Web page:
Although the Court has stated that the right to intimate association receives protection as "a fundamental element of personal liberty" and is generally grounded in substantive due process under the Fourteenth Amendment, Patel v. Searles, 305 F.3d 130, 135 (2d Cir. 2002) (citing Roberts, 468 U.S. at 618-19), it has at times analyzed the right to intimate association as one emanating from the First Amendment. See Oglesby v. Eikszta, No. 07 Civ. 00051 (NPM) (RFT), 2007 WL 1879723, at *10 (N.D.N.Y. June 28, 2007) (citing Adler v. Pataki, 185 F.3d 35, 42-43 (2d Cir. 1999) (citing City of Dallas v. Stanglin, 490 U.S. 19, 23-24 (1989)); Lying v. Int'l Union, UAW, 485 U.S. 360, 364-66 (1988)). However, courts within this Circuit specifically addressing the right to intimate association vis-§-vis parent-child relationships have analyzed the right under the principles of substantive due process rather than the First Amendment. Id. (citing Anthony v. City of New York, No. 00 Civ. 4688 (DLC), 2001 WL 741743, at *12 (S.D.N.Y. July 2, 2001); Wilkinson v. Russell, 182 F.3d 89, 104 (2d Cir. 1999)); see also Garten v. Hochman, No. 08 Civ. 9425 (WCC), 2009 WL 302267, at *6 (S.D.N.Y. Jan. 28, 2009) (holding that plaintiff's right of free association claim cannot be based on the First Amendment unless plaintiff has established a valid First Amendment retaliation claim).[5] Accordingly, the Court analyzes Plaintiffs' intimate association claim under the legal framework of the substantive due process right found in the Fourteenth Amendment.

2. Fourteenth Amendment

a. Substantive Due Process

In addition to their allegation that Defendants violated their constitutional right to be free from governmental intrusion in the making of medical decisions on behalf of their children, Plaintiffs also allege that Defendants violated their substantive due process rights "both through their continued treatment... when [Aaliyah] was medically ready for discharge, and through a conspiracy with ACS to petition for a court-ordered restriction from Plaintiffs' infant."[6] Pls.' 11/5/12 Mem. L. Opp. 6. Defendants, on the other hand, argue that Plaintiffs' own conduct, rather than the actions of the Defendants, caused a restriction to be placed on their parental rights. Defs.' Mem. L. 20.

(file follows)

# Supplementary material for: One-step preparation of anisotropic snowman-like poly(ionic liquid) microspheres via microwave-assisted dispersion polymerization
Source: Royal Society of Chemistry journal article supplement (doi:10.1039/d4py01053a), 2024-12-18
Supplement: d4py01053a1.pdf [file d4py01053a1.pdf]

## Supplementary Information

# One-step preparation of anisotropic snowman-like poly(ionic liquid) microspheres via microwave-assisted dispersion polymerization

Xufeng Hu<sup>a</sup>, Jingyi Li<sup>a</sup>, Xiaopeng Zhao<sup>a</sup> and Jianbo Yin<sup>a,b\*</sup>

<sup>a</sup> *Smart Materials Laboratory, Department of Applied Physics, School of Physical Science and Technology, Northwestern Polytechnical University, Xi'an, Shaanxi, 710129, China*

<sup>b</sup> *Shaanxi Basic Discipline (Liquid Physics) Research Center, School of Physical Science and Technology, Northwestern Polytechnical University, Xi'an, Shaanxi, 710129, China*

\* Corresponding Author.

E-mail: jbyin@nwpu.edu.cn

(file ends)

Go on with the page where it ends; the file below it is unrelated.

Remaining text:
The right to substantive due process "provides heightened protection against government interference with certain fundamental rights and liberty interests." Kia P., 235 F.3d at 758 (quoting Washington v. Glucksberg, 521 U.S. 702, 720 (1997)). To establish a violation of substantive due process, a plaintiff must demonstrate that the state action was "so egregious, so outrageous, that it may fairly be said to shock the contemporary conscience." Southerland, 680 F.3d at 151 (quotations and citation omitted). Although the Second Circuit has described the interest of a parent in the custody of her child as "a fundamental, constitutionally protected liberty interest, " Gottlieb v. Cnty. of Orange, 84 F.3d 511, 518 (2d Cir. 1996), it has held that "[n]o matter how important the right to family integrity, it does not automatically override the sometimes competing compelling governmental interest in the protection of minor children, particularly in circumstances where the protection is considered necessary as against the parents themselves.'" Kia P., 235 F.3d at 758 (quoting Wilkinson, 182 F.3d at 104). Accordingly, in recognition of the need for "unusual deference in the abuse investigation context, '" a child abuse investigation will "pass[] constitutional muster provided simply that case workers have a reasonable basis' for their findings of abuse.'" Id. at 758-59 (quoting Wilkinson, 182 F.3d at 104) (internal citation omitted)). "The reasonable basis' test permit[s] investigators considerable discretion' in their handling of abuse claims, as well as a measure of judicial deference' in the review of investigators' conduct." E.D. v. Tuffarelli, 692 F.Supp.2d 347, 360 (S.D.N.Y. 2010) (quoting Wilkinson, 182 F.3d at 104, 106), aff'd, 408 F.Appx. 448 (2d Cir. 2011). "[A] mere failure to meet local or professional standards, without more, should not generally be elevated to the status of constitutional violation." Id. (quoting Wilkinson, 182 F.3d at 106).